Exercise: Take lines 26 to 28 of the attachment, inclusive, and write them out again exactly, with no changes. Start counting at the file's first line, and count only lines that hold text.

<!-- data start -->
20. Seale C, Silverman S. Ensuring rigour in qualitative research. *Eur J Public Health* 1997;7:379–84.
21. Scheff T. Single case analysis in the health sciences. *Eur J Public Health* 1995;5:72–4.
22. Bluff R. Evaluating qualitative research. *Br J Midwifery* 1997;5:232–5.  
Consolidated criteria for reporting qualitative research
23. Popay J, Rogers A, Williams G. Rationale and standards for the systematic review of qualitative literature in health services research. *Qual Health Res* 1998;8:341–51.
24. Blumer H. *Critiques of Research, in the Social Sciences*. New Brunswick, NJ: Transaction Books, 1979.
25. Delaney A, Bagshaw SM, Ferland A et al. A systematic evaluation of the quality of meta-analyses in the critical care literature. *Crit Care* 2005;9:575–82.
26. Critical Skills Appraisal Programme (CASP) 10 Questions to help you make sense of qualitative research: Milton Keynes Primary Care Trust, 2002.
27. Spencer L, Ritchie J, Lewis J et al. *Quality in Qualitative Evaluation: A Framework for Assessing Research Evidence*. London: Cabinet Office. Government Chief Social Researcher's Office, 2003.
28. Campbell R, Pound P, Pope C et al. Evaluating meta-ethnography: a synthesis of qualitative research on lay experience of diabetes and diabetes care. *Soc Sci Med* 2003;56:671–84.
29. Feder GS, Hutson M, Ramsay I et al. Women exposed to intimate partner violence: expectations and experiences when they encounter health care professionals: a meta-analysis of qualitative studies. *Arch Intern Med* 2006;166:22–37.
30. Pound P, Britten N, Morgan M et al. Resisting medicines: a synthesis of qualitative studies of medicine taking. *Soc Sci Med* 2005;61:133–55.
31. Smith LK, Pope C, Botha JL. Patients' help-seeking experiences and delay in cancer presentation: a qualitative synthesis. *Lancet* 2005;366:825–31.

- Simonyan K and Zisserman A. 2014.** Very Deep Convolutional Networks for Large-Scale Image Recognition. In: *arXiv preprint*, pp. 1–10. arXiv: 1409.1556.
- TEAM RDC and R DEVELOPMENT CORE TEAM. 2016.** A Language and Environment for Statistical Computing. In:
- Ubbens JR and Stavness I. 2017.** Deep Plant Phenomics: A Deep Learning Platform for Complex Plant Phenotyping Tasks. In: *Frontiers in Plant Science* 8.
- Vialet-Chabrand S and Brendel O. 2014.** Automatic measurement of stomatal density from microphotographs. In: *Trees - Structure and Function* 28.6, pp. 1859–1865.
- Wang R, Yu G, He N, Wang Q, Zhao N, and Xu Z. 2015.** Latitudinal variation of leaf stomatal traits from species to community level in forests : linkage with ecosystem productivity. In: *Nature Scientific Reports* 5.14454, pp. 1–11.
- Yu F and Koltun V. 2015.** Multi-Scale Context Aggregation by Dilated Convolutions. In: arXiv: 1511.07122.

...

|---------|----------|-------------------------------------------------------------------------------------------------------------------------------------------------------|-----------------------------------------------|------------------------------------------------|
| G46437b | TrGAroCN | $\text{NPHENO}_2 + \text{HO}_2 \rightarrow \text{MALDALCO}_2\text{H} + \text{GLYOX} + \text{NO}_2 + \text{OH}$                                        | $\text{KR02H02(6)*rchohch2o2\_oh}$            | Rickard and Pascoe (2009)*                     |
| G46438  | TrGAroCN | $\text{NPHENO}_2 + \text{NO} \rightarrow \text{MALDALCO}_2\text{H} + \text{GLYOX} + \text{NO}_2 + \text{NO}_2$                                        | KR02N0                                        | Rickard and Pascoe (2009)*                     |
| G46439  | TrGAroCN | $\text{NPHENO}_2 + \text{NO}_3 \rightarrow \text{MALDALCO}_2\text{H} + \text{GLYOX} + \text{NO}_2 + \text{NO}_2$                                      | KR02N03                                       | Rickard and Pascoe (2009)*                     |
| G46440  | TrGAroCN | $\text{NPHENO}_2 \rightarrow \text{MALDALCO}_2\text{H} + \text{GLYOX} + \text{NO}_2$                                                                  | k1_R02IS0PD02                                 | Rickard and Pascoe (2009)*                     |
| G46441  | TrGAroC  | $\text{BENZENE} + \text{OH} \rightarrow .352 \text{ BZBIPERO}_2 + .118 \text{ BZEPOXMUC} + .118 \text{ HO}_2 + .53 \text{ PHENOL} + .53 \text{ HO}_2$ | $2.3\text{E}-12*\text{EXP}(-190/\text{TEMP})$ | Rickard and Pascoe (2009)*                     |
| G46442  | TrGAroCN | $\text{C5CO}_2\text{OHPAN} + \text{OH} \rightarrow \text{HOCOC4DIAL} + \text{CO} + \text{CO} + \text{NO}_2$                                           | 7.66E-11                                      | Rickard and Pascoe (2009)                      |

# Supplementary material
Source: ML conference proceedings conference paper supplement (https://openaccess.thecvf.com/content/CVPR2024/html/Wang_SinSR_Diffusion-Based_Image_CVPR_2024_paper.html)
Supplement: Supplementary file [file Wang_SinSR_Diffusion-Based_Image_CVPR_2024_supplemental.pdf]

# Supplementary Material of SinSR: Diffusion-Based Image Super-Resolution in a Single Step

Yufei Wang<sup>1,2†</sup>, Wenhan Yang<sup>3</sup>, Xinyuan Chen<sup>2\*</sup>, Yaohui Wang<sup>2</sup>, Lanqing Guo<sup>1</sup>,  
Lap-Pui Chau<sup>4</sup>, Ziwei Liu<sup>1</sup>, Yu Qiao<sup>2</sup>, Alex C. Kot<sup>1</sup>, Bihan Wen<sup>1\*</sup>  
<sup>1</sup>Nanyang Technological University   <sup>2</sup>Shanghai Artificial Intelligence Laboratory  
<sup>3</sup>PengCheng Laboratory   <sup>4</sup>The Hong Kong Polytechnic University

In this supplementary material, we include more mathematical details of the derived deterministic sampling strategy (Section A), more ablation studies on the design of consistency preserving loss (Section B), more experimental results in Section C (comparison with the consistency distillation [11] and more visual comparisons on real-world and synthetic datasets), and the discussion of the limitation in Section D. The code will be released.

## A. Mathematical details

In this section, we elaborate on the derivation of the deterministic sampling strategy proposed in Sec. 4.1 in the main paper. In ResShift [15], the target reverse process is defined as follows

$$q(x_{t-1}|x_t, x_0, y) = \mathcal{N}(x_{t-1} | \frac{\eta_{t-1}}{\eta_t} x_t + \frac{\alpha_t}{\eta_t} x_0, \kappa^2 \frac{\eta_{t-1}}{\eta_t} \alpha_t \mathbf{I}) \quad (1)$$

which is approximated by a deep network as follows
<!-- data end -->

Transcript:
| G46441  | TrGAroC  | $\text{BENZENE} + \text{OH} \rightarrow .352 \text{ BZBIPERO}_2 + .118 \text{ BZEPOXMUC} + .118 \text{ HO}_2 + .53 \text{ PHENOL} + .53 \text{ HO}_2$ | $2.3\text{E}-12*\text{EXP}(-190/\text{TEMP})$ | Rickard and Pascoe (2009)*                     |
| G46442  | TrGAroCN | $\text{C5CO}_2\text{OHPAN} + \text{OH} \rightarrow \text{HOCOC4DIAL} + \text{CO} + \text{CO} + \text{NO}_2$                                           | 7.66E-11                                      | Rickard and Pascoe (2009)                      |

# Supplementary material